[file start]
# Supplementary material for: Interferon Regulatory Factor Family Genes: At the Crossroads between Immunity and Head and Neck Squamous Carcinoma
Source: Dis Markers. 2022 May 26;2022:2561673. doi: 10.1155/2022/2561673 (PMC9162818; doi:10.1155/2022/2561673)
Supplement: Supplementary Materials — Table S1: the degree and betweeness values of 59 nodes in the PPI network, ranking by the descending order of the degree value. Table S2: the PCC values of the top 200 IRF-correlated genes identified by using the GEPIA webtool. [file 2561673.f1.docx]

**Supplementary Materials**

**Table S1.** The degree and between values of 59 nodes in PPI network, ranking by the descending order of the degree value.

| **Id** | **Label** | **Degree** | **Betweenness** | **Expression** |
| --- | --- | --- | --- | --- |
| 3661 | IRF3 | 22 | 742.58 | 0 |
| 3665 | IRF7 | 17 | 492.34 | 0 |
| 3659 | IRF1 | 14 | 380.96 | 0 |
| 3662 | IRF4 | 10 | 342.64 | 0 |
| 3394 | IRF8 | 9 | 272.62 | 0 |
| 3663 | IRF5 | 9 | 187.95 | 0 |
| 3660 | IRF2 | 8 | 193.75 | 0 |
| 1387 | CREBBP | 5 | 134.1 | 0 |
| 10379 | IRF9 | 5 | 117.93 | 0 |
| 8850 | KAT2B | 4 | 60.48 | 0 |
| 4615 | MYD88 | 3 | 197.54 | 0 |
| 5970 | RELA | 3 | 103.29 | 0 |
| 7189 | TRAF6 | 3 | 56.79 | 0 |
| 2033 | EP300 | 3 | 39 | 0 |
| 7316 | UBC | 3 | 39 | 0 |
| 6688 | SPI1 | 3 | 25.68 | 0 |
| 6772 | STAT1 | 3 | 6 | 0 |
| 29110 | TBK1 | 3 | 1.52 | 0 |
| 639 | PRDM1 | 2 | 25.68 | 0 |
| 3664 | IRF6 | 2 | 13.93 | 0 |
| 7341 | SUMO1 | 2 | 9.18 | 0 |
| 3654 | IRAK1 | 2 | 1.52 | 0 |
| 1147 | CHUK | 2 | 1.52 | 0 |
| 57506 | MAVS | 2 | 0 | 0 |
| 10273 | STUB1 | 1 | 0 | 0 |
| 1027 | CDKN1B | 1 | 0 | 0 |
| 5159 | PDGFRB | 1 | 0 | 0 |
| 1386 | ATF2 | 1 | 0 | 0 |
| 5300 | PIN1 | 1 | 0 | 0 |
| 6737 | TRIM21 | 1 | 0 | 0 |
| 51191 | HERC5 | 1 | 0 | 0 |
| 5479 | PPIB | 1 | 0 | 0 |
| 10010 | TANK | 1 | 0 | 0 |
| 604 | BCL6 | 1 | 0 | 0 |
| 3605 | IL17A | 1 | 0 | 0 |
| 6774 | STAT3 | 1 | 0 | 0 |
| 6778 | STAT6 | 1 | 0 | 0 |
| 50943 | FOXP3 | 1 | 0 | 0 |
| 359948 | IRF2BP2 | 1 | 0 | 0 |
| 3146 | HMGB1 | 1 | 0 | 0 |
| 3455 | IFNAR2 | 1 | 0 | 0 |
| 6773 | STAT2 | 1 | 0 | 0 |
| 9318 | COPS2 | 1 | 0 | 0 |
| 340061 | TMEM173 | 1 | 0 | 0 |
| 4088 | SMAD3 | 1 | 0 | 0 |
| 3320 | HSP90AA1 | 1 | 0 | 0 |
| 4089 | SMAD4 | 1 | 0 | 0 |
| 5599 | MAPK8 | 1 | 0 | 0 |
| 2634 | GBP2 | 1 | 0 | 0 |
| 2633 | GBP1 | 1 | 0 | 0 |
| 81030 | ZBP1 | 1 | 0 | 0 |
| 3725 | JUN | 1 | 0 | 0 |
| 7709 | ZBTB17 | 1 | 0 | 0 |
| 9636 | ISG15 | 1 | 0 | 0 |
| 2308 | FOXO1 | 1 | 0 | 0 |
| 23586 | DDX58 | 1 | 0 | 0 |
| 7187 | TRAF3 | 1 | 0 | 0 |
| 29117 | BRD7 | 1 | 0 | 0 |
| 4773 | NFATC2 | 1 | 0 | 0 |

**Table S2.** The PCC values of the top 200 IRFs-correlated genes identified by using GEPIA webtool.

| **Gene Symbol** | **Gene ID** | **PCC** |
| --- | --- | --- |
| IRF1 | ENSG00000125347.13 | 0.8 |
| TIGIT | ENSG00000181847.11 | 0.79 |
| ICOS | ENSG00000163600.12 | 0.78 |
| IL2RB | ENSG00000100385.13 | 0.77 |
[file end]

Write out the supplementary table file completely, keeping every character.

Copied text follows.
# Supplementary material for: Interferon Regulatory Factor Family Genes: At the Crossroads between Immunity and Head and Neck Squamous Carcinoma
Source: Dis Markers. 2022 May 26;2022:2561673. doi: 10.1155/2022/2561673 (PMC9162818; doi:10.1155/2022/2561673)
Supplement: Supplementary Materials — Table S1: the degree and betweeness values of 59 nodes in the PPI network, ranking by the descending order of the degree value. Table S2: the PCC values of the top 200 IRF-correlated genes identified by using the GEPIA webtool. [file 2561673.f1.docx]

**Supplementary Materials**

**Table S1.** The degree and between values of 59 nodes in PPI network, ranking by the descending order of the degree value.

| **Id** | **Label** | **Degree** | **Betweenness** | **Expression** |
| --- | --- | --- | --- | --- |
| 3661 | IRF3 | 22 | 742.58 | 0 |
| 3665 | IRF7 | 17 | 492.34 | 0 |
| 3659 | IRF1 | 14 | 380.96 | 0 |
| 3662 | IRF4 | 10 | 342.64 | 0 |
| 3394 | IRF8 | 9 | 272.62 | 0 |
| 3663 | IRF5 | 9 | 187.95 | 0 |
| 3660 | IRF2 | 8 | 193.75 | 0 |
| 1387 | CREBBP | 5 | 134.1 | 0 |
| 10379 | IRF9 | 5 | 117.93 | 0 |
| 8850 | KAT2B | 4 | 60.48 | 0 |
| 4615 | MYD88 | 3 | 197.54 | 0 |
| 5970 | RELA | 3 | 103.29 | 0 |
| 7189 | TRAF6 | 3 | 56.79 | 0 |
| 2033 | EP300 | 3 | 39 | 0 |
| 7316 | UBC | 3 | 39 | 0 |
| 6688 | SPI1 | 3 | 25.68 | 0 |
| 6772 | STAT1 | 3 | 6 | 0 |
| 29110 | TBK1 | 3 | 1.52 | 0 |
| 639 | PRDM1 | 2 | 25.68 | 0 |
| 3664 | IRF6 | 2 | 13.93 | 0 |
| 7341 | SUMO1 | 2 | 9.18 | 0 |
| 3654 | IRAK1 | 2 | 1.52 | 0 |
| 1147 | CHUK | 2 | 1.52 | 0 |
| 57506 | MAVS | 2 | 0 | 0 |
| 10273 | STUB1 | 1 | 0 | 0 |
| 1027 | CDKN1B | 1 | 0 | 0 |
| 5159 | PDGFRB | 1 | 0 | 0 |
| 1386 | ATF2 | 1 | 0 | 0 |
| 5300 | PIN1 | 1 | 0 | 0 |
| 6737 | TRIM21 | 1 | 0 | 0 |
| 51191 | HERC5 | 1 | 0 | 0 |
| 5479 | PPIB | 1 | 0 | 0 |
| 10010 | TANK | 1 | 0 | 0 |
| 604 | BCL6 | 1 | 0 | 0 |
| 3605 | IL17A | 1 | 0 | 0 |
| 6774 | STAT3 | 1 | 0 | 0 |
| 6778 | STAT6 | 1 | 0 | 0 |
| 50943 | FOXP3 | 1 | 0 | 0 |
| 359948 | IRF2BP2 | 1 | 0 | 0 |
| 3146 | HMGB1 | 1 | 0 | 0 |
| 3455 | IFNAR2 | 1 | 0 | 0 |
| 6773 | STAT2 | 1 | 0 | 0 |
| 9318 | COPS2 | 1 | 0 | 0 |
| 340061 | TMEM173 | 1 | 0 | 0 |
| 4088 | SMAD3 | 1 | 0 | 0 |
| 3320 | HSP90AA1 | 1 | 0 | 0 |
| 4089 | SMAD4 | 1 | 0 | 0 |
| 5599 | MAPK8 | 1 | 0 | 0 |
| 2634 | GBP2 | 1 | 0 | 0 |
| 2633 | GBP1 | 1 | 0 | 0 |
| 81030 | ZBP1 | 1 | 0 | 0 |
| 3725 | JUN | 1 | 0 | 0 |
| 7709 | ZBTB17 | 1 | 0 | 0 |
| 9636 | ISG15 | 1 | 0 | 0 |
| 2308 | FOXO1 | 1 | 0 | 0 |
| 23586 | DDX58 | 1 | 0 | 0 |
| 7187 | TRAF3 | 1 | 0 | 0 |
| 29117 | BRD7 | 1 | 0 | 0 |
| 4773 | NFATC2 | 1 | 0 | 0 |

**Table S2.** The PCC values of the top 200 IRFs-correlated genes identified by using GEPIA webtool.

| **Gene Symbol** | **Gene ID** | **PCC** |
| --- | --- | --- |
| IRF1 | ENSG00000125347.13 | 0.8 |
| TIGIT | ENSG00000181847.11 | 0.79 |
| ICOS | ENSG00000163600.12 | 0.78 |
| IL2RB | ENSG00000100385.13 | 0.77 |